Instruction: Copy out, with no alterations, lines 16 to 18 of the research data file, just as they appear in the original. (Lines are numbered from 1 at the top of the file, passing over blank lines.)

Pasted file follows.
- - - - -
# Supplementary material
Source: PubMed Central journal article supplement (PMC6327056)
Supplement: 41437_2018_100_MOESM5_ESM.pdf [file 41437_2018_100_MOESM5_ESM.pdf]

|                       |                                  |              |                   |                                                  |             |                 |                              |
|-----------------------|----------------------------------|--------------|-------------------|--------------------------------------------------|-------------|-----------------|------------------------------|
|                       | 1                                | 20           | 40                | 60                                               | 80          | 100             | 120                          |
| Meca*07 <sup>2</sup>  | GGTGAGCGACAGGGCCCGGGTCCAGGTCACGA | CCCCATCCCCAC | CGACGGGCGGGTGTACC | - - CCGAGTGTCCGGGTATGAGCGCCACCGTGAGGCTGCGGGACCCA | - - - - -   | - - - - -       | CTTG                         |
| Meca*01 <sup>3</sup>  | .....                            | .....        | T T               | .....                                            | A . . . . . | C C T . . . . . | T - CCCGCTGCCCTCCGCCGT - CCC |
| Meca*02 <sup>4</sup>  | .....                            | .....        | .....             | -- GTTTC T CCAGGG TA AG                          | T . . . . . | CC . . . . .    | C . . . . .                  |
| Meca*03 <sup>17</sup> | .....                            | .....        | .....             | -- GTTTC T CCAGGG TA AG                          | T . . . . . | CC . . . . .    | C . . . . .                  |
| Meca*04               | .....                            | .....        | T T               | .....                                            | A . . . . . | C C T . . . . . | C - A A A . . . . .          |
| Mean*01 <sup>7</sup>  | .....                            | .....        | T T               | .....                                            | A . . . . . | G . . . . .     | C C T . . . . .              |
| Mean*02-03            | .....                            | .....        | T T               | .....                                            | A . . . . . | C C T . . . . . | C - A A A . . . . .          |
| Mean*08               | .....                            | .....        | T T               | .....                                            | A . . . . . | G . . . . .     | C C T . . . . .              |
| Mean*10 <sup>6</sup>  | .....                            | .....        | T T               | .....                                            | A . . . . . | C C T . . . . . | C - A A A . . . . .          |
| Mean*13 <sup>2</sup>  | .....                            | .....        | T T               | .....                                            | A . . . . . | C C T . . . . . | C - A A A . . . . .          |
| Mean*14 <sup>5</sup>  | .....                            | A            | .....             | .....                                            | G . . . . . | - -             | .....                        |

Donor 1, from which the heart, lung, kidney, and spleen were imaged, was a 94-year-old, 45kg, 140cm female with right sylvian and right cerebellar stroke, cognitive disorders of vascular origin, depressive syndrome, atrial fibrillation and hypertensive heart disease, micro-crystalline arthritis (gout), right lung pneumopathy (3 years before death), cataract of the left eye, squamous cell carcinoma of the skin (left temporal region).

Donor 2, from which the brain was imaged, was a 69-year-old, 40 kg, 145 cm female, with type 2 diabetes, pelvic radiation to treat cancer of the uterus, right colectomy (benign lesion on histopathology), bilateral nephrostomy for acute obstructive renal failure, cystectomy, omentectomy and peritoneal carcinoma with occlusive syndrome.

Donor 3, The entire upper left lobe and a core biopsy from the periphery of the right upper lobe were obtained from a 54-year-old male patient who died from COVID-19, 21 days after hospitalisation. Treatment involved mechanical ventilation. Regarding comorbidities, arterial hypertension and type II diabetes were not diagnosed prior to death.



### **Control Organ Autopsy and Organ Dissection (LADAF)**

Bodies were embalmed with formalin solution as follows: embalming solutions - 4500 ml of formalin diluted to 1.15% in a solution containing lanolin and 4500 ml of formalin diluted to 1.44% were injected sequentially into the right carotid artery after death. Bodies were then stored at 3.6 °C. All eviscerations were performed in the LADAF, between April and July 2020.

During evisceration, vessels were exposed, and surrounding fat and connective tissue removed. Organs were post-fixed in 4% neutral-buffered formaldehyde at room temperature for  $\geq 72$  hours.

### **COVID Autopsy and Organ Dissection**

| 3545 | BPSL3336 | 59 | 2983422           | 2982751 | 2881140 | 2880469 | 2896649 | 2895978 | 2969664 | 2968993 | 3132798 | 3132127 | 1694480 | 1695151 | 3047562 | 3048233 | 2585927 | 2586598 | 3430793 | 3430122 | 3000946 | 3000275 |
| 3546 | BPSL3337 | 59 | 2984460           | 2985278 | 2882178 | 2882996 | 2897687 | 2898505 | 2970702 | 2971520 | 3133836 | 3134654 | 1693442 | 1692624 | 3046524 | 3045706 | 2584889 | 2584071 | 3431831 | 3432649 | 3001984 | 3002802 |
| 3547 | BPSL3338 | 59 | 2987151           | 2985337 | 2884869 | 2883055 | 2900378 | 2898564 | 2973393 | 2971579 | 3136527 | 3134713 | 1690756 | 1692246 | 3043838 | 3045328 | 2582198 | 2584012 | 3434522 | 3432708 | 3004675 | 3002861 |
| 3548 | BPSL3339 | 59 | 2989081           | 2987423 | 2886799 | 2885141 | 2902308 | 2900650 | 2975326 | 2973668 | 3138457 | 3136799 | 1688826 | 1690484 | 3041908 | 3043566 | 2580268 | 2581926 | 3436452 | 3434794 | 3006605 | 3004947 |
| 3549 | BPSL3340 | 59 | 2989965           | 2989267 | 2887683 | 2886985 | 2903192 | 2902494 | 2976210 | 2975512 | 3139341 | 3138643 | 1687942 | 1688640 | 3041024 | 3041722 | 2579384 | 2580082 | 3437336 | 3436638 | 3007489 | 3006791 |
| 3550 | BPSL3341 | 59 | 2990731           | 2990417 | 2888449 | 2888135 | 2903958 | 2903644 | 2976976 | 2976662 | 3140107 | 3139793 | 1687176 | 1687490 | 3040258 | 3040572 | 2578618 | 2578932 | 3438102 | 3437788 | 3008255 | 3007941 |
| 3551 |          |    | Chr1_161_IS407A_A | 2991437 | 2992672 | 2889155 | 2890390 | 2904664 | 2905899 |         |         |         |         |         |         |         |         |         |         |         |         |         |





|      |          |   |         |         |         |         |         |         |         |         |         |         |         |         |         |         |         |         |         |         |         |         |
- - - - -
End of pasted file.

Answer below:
| Mean*13 <sup>2</sup>  | .....                            | .....        | T T               | .....                                            | A . . . . . | C C T . . . . . | C - A A A . . . . .          |
| Mean*14 <sup>5</sup>  | .....                            | A            | .....             | .....                                            | G . . . . . | - -             | .....                        |

Donor 1, from which the heart, lung, kidney, and spleen were imaged, was a 94-year-old, 45kg, 140cm female with right sylvian and right cerebellar stroke, cognitive disorders of vascular origin, depressive syndrome, atrial fibrillation and hypertensive heart disease, micro-crystalline arthritis (gout), right lung pneumopathy (3 years before death), cataract of the left eye, squamous cell carcinoma of the skin (left temporal region).